Sending Your Loved One to a Nursing Home: Know the Risks


Deciding to put your loved one in a nursing facility is never easy. You have to consider the negative impact that it can have on your family’s finances and the emotional impact it may have on your loved one. Even if you do as much research as possible, there are still some things you need to take into account when choosing a nursing home.

Here are some of the risks that come with placing your loved one in a nursing facility.

Mental Decline

If your loved one already suffers from some type of mental illness such as Alzheimer’s disease, being placed in a nursing home might make their condition worse.

Furthermore, many nursing home residents started showing signs of dementia after being placed in a nursing facility. To minimize any cognitive decline, you can try getting your loved one used to a nursing facility first by starting with daytime care.

Financial Distress

Unless your loved one has Medicare coverage, considerable savings, or some other way to pay for their care, you might find yourself in financial ruin trying to keep up with nursing home payments. This one can be a tough decision to weigh because paying for 24-hour home care can end up costing you even more than what a nursing facility would.

Here are some ways that you can offset most of the costs of a care facility:

  • Long Term Care Insurance -As with any other type of insurance, you must shoulder a portion of the costs. Keep in mind that you might fare better if you make larger monthly payments to lower your deductibles.
  • Medicaid waiver -Because specific programs such as Medicare and Medicaid don’t typically cover long-term care costs, you would need to apply for a special waiver. However, this waiver is generally available to low-income families that need assistance with paying for a nursing facility.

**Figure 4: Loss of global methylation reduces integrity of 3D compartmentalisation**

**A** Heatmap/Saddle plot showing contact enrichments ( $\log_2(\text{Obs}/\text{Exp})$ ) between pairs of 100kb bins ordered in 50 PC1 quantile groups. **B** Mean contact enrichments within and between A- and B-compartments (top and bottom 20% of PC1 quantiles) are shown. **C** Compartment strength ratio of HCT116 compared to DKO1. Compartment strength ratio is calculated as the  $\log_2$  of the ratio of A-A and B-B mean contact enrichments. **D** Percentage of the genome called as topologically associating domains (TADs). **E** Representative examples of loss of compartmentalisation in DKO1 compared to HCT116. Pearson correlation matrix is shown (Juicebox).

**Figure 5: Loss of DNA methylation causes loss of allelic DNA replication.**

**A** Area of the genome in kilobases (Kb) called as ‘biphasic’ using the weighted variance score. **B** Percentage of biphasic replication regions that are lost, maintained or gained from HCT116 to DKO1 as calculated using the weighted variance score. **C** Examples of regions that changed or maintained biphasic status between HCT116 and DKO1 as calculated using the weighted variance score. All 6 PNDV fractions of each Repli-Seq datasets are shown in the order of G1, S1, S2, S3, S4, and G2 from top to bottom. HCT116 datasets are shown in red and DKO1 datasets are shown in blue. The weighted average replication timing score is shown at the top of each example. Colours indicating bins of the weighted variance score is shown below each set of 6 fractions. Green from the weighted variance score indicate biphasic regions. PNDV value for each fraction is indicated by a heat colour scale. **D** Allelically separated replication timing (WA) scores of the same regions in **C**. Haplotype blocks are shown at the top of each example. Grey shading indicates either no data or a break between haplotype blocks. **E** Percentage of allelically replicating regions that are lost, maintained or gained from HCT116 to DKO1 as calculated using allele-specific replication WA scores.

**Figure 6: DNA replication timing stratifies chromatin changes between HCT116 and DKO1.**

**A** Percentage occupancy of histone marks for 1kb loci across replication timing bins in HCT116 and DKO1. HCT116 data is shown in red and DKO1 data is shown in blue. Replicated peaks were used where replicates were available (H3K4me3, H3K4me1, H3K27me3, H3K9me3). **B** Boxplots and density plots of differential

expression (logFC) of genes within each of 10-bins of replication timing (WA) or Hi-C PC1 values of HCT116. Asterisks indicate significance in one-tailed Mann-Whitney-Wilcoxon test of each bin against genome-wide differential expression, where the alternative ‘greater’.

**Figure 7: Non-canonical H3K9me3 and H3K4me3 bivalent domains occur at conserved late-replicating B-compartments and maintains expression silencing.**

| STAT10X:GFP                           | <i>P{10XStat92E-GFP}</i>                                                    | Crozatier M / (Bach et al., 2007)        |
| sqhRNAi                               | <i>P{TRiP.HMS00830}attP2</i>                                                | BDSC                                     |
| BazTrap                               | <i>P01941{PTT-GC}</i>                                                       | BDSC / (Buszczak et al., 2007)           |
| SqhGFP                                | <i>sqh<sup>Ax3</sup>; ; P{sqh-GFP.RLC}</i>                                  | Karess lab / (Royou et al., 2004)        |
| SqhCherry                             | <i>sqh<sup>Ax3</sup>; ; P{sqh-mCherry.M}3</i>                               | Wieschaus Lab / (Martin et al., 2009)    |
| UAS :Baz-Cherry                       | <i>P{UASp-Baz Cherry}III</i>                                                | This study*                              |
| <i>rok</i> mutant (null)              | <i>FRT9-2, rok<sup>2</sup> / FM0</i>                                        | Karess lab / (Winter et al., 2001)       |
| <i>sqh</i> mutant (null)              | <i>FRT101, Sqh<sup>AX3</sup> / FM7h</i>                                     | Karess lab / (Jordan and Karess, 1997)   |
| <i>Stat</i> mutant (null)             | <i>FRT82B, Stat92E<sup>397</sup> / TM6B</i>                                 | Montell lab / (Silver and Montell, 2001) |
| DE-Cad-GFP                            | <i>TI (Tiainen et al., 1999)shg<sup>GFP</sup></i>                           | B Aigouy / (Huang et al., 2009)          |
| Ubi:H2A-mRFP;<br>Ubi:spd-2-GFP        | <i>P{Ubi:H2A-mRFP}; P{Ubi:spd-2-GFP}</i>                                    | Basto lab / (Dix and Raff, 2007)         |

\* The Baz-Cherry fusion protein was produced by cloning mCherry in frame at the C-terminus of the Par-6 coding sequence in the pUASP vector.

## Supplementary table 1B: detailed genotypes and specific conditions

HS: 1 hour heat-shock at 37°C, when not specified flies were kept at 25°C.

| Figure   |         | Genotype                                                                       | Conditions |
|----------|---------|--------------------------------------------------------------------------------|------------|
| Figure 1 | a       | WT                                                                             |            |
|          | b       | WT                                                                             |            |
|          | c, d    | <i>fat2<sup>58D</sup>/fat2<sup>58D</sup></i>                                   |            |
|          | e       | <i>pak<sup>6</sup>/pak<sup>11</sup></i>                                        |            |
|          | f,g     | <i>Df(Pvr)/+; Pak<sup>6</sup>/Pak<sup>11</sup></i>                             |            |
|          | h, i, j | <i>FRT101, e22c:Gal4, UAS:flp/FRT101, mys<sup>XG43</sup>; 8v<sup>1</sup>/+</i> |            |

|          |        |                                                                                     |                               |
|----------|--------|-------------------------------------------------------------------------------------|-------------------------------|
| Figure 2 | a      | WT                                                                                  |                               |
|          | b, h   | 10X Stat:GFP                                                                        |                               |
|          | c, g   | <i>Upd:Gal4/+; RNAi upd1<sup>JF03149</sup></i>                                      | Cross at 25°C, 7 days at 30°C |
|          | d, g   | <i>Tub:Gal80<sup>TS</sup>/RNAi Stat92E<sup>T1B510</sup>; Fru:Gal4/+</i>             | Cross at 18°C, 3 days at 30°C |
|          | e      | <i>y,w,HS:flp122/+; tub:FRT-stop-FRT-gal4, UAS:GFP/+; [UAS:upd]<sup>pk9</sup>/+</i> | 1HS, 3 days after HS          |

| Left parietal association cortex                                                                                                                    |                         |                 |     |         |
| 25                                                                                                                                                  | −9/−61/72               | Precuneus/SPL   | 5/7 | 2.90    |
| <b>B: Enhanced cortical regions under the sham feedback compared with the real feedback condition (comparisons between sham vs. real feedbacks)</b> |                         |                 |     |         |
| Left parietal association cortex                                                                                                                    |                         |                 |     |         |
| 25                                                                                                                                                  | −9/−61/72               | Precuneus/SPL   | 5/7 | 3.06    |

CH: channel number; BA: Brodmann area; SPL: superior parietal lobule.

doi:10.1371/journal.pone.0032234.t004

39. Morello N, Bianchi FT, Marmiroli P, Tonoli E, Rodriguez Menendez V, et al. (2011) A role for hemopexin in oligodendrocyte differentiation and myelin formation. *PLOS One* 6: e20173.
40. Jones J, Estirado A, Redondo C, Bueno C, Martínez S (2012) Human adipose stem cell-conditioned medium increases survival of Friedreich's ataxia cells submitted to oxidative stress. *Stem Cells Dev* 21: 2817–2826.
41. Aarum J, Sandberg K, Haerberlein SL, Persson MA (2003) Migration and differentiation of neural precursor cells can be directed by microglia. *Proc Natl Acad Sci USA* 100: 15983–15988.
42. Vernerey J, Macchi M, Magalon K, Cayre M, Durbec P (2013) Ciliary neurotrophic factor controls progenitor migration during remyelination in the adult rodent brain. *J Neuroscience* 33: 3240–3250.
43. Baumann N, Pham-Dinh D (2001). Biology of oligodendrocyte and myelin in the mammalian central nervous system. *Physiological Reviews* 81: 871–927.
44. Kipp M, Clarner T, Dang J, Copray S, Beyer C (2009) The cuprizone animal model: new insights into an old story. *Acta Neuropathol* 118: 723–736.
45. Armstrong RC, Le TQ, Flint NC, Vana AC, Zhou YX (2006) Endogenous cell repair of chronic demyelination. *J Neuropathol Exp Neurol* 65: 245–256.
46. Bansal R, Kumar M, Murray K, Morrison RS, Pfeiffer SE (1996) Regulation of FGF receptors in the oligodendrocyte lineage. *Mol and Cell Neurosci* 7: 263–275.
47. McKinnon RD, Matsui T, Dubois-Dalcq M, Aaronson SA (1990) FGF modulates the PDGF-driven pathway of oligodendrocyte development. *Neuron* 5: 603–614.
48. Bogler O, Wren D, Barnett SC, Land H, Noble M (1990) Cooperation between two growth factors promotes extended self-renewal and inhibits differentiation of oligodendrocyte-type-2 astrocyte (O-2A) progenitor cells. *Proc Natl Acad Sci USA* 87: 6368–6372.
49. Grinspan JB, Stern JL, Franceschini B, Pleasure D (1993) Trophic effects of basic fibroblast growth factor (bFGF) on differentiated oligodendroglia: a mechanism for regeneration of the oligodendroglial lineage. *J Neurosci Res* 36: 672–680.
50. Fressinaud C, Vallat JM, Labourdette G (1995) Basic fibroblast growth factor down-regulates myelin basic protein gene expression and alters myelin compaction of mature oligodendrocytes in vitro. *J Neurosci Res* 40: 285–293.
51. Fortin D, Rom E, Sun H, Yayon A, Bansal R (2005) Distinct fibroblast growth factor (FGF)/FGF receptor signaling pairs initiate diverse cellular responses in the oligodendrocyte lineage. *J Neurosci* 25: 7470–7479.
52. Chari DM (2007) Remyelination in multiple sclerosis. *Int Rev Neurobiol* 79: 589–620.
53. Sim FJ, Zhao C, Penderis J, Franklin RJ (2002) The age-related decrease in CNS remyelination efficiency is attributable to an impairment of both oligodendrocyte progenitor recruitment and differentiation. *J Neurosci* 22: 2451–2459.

• VA Benefits -While the benefits your loved one receives as a veteran can be of great help with covering monthly expenses, they probably won’t cover all the costs associated with long-term care.

Emotional Withdrawal

For someone who is active and used to being in their own home, being in a nursing home can cause your loved one to become extremely depressed. Not only is there a sudden change in their lifestyle and routine – older people are very fond of their routines, but the loss of freedom and the new environment can be very overwhelming.

If a nursing facility is your only option, the best thing you can do to help ease your loved one’s anxieties is to visit them as much as possible. While visitation is not always possible, daily phone calls, family album photos, and other familiar objects they can place in their room can help.

Poor Care

There have been many incidents where a resident’s health declined dramatically while in a nursing home due to neglect or insufficient care. Some residents, especially those with mobility issues, have gotten bed sores, caught pneumonia, or had developed other health issues because of improper care.

That is why it is so vital that you thoroughly research any potential facilities and ask lots of questions before placing your loved one in a nursing home.


Sadly enough, nursing home abuse is quite common even in the developed world. Not only should you be concerned with how the staff is treating your loved one, but there is also the threat of other residents as well.

If your loved one is injured because of another person’s negligent behavior, including nursing home staff, you should call a lawyer right away and get the compensation you deserve.

While there are some risks that you need to consider when placing your loved one in a nursing home, there are lots of benefits as well. With the right facility, you can rest assured that seniors are being taken care of on a daily basis while decreasing the burden of care for you and other family members.



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